I move that the Bill be now read a Second Time. The Meath Hospital is one of the oldest, and in some respects, one of the most famous medical institutions in Dublin. Originally it was opened on the Coombe in 1753, where it was intended to afford medical assistance to the working population in that neighbourhood. It was moved to Skinner's Alley in 1757; to Meath Street in 1760 and to Earl Street in 1766. In 1770 the erection of a new building was commenced which now forms part of the Coombe Lying-in Hospital. In 1774 another hospital was erected by private subscriptions of £2,000, which served as the county infirmary and since 1867 financial grants have been made to the hospital by the Dublin Corporation. In 1816, the present site in Heytesbury Street was taken. It formerly belonged to Dean Swift and was called the Dean's Vineyard. On the 24th December, 1882, the present hospital was opened and £6,000 towards the cost of the building was a gift from a Thomas Pleasants. The County Dublin granted £5,000 and donations and subscriptions defrayed the balance of the building expenses. Since that date, 1882, the hospital has continued to serve the sick poor of Dublin unceasingly and the generations of students and nurses who have passed through its wards have brought the medical fame of Dublin and of the Meath Hospital throughout the length and breadth of the civilised world.
Looking back over the work of those who gave their services to the various Dublin hospitals, under conditions far different from those of to-day, I consider that we must record our keen appreciation of the services rendered. Some of the leading men of the then famous Old Dublin School of Medicine were attached to the Meath Hospital. Sir Philip Crampton, William Stokes, R.J. Graves and John Cheyne were amongst the many who served on the staff with distinction. The first member of the illustrious Stokes family to become associated with the hospital was Whitley Stokes, who was appointed physician to the hospital in the year 1818. He it was of whom Wolfe Tone wrote: "He was the very best man that I have ever known." Apart from his medical career, he was a prominent member of the United Irishmen prior to 1792. His more famous son, William Stokes, was attached to the hospital from 1826 to 1875, and he, together with his colleague, Robert Graves, first instituted the system of clinical instruction at the bedside, which revolutionised medical teaching throughout the world and brought well-merited fame, not only to the Dublin School of Medicine but to the Meath Hospital. It may indeed be said that Stokes laid the solid foundations for all our present knowledge of the heart, while Graves was the father of all modern glandular therapy.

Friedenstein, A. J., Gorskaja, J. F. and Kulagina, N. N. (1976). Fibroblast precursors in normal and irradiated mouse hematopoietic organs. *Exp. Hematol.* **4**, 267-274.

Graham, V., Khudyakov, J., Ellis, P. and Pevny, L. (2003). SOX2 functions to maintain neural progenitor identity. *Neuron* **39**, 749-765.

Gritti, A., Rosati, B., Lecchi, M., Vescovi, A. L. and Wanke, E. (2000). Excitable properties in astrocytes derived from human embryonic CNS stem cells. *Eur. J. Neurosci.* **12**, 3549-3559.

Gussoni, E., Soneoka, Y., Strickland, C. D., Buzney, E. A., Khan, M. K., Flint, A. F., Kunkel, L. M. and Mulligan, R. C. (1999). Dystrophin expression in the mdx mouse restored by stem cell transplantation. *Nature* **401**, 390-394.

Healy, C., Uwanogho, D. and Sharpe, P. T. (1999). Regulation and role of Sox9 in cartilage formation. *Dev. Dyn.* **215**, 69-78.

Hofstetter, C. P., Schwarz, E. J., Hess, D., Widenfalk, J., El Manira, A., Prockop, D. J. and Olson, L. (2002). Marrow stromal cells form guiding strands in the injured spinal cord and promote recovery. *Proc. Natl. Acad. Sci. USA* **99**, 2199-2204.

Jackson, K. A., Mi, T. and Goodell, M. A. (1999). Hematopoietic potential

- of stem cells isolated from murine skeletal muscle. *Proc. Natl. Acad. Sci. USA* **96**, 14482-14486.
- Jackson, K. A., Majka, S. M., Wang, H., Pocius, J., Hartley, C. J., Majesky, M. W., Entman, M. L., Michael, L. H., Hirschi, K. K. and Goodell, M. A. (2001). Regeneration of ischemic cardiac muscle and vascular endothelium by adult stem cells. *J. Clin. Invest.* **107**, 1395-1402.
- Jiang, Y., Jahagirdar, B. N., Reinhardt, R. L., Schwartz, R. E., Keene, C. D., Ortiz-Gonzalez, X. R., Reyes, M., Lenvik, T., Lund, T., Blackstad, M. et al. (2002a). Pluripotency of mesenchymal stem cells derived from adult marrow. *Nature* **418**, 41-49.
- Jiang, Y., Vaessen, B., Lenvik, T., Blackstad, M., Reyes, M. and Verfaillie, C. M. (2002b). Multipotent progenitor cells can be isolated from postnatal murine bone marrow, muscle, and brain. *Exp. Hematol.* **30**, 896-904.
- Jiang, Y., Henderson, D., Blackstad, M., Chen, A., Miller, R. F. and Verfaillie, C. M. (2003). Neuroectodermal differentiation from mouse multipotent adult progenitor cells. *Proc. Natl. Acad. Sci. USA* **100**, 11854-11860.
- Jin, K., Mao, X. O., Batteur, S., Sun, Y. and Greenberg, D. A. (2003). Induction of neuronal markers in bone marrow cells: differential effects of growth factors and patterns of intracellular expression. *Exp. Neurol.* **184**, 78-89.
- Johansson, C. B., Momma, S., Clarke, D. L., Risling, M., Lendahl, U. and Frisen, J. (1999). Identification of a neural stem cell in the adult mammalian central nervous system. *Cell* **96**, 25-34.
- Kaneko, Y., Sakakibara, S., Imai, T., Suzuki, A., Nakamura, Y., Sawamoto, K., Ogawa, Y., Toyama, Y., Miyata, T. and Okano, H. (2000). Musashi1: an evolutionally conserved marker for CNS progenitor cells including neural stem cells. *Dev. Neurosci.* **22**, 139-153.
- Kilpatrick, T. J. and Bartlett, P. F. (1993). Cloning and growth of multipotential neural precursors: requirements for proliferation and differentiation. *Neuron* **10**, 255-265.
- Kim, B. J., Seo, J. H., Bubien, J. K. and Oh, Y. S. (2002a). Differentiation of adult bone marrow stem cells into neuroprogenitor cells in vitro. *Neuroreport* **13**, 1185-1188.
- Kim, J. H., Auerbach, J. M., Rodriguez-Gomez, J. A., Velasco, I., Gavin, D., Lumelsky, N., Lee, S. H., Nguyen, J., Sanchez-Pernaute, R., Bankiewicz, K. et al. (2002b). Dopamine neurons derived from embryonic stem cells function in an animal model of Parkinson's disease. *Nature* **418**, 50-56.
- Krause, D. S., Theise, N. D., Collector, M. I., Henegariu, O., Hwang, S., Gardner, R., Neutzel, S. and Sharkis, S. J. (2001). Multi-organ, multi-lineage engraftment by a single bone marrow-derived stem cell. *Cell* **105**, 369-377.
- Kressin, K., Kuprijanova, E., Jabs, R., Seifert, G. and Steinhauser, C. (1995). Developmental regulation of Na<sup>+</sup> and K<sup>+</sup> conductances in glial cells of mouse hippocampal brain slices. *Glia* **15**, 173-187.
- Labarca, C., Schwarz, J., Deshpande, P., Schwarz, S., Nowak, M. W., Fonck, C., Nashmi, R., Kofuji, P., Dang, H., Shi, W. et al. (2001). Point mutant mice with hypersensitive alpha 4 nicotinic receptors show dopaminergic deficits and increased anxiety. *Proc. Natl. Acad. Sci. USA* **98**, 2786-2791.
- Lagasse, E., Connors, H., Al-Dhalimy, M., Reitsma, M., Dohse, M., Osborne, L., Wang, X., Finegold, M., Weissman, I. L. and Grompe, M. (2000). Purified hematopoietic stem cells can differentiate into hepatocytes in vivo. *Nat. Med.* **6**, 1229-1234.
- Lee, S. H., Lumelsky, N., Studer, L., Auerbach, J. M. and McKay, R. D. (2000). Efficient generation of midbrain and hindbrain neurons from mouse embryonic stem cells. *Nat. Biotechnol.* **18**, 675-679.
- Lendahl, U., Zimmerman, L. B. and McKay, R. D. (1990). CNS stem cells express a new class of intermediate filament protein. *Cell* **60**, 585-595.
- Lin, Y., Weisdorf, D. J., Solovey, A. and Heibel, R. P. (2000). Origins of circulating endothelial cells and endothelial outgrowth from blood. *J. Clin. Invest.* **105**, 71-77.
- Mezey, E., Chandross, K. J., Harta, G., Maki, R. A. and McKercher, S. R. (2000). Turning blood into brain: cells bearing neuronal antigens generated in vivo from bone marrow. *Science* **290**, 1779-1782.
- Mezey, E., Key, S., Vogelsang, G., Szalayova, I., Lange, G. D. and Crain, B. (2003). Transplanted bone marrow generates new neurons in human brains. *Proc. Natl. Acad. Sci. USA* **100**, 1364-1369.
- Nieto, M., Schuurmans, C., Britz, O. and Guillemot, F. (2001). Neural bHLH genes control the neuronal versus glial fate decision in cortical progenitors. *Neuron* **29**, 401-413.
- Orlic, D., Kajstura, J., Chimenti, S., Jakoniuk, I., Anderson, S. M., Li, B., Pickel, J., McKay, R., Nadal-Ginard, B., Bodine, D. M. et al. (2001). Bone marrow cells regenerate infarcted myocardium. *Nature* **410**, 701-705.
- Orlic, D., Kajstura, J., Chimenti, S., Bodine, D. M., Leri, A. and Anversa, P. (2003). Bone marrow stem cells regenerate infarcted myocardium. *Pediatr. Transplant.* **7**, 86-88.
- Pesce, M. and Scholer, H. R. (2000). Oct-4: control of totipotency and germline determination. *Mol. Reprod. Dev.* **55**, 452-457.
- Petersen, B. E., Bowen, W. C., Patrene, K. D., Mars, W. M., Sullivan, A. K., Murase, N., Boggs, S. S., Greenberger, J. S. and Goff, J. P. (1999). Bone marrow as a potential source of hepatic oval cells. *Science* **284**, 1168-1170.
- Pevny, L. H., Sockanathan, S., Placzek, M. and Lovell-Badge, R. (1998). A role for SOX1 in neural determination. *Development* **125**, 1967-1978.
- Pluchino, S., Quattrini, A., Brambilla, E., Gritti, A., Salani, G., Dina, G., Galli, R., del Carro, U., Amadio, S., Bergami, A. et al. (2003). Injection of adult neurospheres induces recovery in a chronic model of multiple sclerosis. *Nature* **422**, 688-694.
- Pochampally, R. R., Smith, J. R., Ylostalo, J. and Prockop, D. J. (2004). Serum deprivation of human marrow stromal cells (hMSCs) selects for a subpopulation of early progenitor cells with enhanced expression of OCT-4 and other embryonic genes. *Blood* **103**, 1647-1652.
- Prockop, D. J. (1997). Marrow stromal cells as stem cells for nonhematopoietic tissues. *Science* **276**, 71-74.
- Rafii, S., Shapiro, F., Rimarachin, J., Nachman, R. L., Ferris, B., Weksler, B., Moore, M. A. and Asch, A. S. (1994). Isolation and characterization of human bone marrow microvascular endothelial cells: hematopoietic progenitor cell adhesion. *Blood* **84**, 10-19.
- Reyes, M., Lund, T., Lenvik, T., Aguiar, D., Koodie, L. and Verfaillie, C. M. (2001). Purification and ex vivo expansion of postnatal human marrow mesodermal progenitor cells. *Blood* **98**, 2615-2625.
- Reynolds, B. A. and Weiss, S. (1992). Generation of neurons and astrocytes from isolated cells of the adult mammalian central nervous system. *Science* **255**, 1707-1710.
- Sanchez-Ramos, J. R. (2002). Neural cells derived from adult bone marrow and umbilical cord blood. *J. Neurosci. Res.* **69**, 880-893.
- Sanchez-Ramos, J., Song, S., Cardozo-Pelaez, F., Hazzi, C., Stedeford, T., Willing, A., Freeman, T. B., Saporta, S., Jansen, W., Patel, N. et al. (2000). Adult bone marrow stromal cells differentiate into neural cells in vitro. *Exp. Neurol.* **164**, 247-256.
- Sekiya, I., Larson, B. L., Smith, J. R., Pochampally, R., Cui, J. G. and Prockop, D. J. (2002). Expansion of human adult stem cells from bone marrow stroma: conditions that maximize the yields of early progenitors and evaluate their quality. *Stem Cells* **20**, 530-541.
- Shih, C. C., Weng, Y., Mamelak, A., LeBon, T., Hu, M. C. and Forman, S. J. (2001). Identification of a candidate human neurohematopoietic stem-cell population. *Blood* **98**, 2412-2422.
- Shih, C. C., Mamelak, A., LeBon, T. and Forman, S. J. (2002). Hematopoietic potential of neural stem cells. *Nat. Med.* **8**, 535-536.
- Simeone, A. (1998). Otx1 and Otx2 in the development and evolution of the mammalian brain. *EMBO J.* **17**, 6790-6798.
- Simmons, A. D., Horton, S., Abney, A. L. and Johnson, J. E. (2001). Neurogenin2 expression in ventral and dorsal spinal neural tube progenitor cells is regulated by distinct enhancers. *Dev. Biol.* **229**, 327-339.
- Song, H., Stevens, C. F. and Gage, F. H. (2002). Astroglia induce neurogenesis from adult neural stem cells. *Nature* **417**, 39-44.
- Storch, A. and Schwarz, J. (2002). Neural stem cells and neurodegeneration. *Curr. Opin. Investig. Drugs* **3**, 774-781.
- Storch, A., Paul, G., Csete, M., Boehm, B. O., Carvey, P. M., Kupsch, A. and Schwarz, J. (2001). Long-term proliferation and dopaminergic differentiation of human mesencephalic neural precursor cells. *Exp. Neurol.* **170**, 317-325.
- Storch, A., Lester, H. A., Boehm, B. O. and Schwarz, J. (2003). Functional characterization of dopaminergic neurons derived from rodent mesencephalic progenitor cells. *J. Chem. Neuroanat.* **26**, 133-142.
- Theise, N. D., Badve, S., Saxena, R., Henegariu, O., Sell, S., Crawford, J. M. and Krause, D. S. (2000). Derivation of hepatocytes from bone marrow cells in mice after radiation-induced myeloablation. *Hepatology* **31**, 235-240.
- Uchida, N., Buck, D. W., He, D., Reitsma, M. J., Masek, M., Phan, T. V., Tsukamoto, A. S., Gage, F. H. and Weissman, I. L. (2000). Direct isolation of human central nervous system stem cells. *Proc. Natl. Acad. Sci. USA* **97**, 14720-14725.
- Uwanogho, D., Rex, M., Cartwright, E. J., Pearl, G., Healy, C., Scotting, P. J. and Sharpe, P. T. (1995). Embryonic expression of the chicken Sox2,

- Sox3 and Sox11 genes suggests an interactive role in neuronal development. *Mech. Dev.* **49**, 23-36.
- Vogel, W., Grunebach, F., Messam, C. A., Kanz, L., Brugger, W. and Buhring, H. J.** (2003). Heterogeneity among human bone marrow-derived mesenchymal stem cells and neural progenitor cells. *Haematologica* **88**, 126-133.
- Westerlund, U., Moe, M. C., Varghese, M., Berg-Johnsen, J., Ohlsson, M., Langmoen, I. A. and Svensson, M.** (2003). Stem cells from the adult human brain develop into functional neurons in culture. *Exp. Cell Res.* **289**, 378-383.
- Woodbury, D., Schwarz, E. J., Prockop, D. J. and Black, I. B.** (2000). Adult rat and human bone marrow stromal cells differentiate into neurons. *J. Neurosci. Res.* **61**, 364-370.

In more recent years the Meath Hospital has not failed to keep its position in the forefront of Dublin medicine and, together with St. Laurence's Hospital, was amongst the first of the Dublin institutions to start intensive specialisation within it walls. It would be impossible to enumerate in detail the development of the Meath Hospital throughout the years, but the hospital has invariably been at the disposal of the sick poor of Dublin, and to-day I am pleased to record that the tradition of this hospital, in the matter of medical science, has been very definitely maintained by a fully qualified medical staff specialising in various treatments.
No provision was made in the Act of 1816 for a register of electors, that is of Governors or Governesses. This omission is rectified in the Bill. Under the Act of 1816 payment of a subscription of £2 2s. 0d. immediately prior to the annual meeting—and it might be that the payment of £2 2s. 0d. was made while the annual meeting was in progress—qualified the subscriber to vote for the election of members who would act during the year as the committee controlling the hospital. Originally, and down to the passing of the Local Government Act, 1898, it was prescribed that an annual general meeting should be held at which the election of the joint committee members took place. By an Order under the Act of 1898 the election of the joint committee was ordered to take place triennially. It might be that a person to qualify as a governor and to be entitled to vote, might subscribe £2 2s. 0d. only in the year of the election provided the subscription was paid prior to the date of the election.
There is no provision for holding a ballot under the law at present. This Bill provides:
"(1) That a person to be qualified as an elector for the control of the hospital must have contributed since 1944 £10 10s. 0d. to the hospital;
(2) that a register of electors be compiled and that a person must be qualified to vote;
(3) that each elector gets an opportunity of registering his vote by post."
Two prohibitions in the Act of 1816 are repealed—the limitation regarding acquisition of land and the exclusion of graduates of any medical school other than the College of Surgeons and Physicians. There may be some difference of opinion amongst Deputies regarding some sections of the Bill, notably that requiring the payment of a £10 subscription, but I think that whatever little difficulties present themselves in that way will be overcome during the Committee Stages.